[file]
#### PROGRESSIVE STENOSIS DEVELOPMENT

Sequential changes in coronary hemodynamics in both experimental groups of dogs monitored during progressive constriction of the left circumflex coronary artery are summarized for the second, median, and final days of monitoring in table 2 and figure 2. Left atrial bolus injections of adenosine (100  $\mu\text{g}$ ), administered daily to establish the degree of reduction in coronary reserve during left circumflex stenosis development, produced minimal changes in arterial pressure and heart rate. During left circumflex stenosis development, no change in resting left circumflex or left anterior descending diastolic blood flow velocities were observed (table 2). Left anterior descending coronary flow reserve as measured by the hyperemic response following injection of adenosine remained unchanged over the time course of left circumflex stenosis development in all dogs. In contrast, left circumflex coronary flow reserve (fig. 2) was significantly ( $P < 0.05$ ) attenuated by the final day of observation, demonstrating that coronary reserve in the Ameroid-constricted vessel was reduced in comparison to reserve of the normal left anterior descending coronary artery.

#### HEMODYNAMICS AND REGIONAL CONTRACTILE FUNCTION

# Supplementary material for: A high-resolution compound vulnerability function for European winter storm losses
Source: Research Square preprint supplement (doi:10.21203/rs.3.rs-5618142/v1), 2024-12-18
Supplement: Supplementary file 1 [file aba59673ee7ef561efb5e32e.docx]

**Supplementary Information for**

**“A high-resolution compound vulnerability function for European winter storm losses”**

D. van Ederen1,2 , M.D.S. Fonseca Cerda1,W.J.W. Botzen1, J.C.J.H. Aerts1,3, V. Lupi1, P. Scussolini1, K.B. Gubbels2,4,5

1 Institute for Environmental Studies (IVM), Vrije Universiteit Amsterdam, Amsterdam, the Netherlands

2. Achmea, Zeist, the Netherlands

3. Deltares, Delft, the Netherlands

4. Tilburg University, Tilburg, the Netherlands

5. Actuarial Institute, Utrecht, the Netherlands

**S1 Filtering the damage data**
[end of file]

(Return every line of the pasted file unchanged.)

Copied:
#### PROGRESSIVE STENOSIS DEVELOPMENT

Sequential changes in coronary hemodynamics in both experimental groups of dogs monitored during progressive constriction of the left circumflex coronary artery are summarized for the second, median, and final days of monitoring in table 2 and figure 2. Left atrial bolus injections of adenosine (100  $\mu\text{g}$ ), administered daily to establish the degree of reduction in coronary reserve during left circumflex stenosis development, produced minimal changes in arterial pressure and heart rate. During left circumflex stenosis development, no change in resting left circumflex or left anterior descending diastolic blood flow velocities were observed (table 2). Left anterior descending coronary flow reserve as measured by the hyperemic response following injection of adenosine remained unchanged over the time course of left circumflex stenosis development in all dogs. In contrast, left circumflex coronary flow reserve (fig. 2) was significantly ( $P < 0.05$ ) attenuated by the final day of observation, demonstrating that coronary reserve in the Ameroid-constricted vessel was reduced in comparison to reserve of the normal left anterior descending coronary artery.

#### HEMODYNAMICS AND REGIONAL CONTRACTILE FUNCTION

# Supplementary material for: A high-resolution compound vulnerability function for European winter storm losses
Source: Research Square preprint supplement (doi:10.21203/rs.3.rs-5618142/v1), 2024-12-18
Supplement: Supplementary file 1 [file aba59673ee7ef561efb5e32e.docx]

**Supplementary Information for**

**“A high-resolution compound vulnerability function for European winter storm losses”**

D. van Ederen1,2 , M.D.S. Fonseca Cerda1,W.J.W. Botzen1, J.C.J.H. Aerts1,3, V. Lupi1, P. Scussolini1, K.B. Gubbels2,4,5

1 Institute for Environmental Studies (IVM), Vrije Universiteit Amsterdam, Amsterdam, the Netherlands

2. Achmea, Zeist, the Netherlands

3. Deltares, Delft, the Netherlands

4. Tilburg University, Tilburg, the Netherlands

5. Actuarial Institute, Utrecht, the Netherlands

**S1 Filtering the damage data**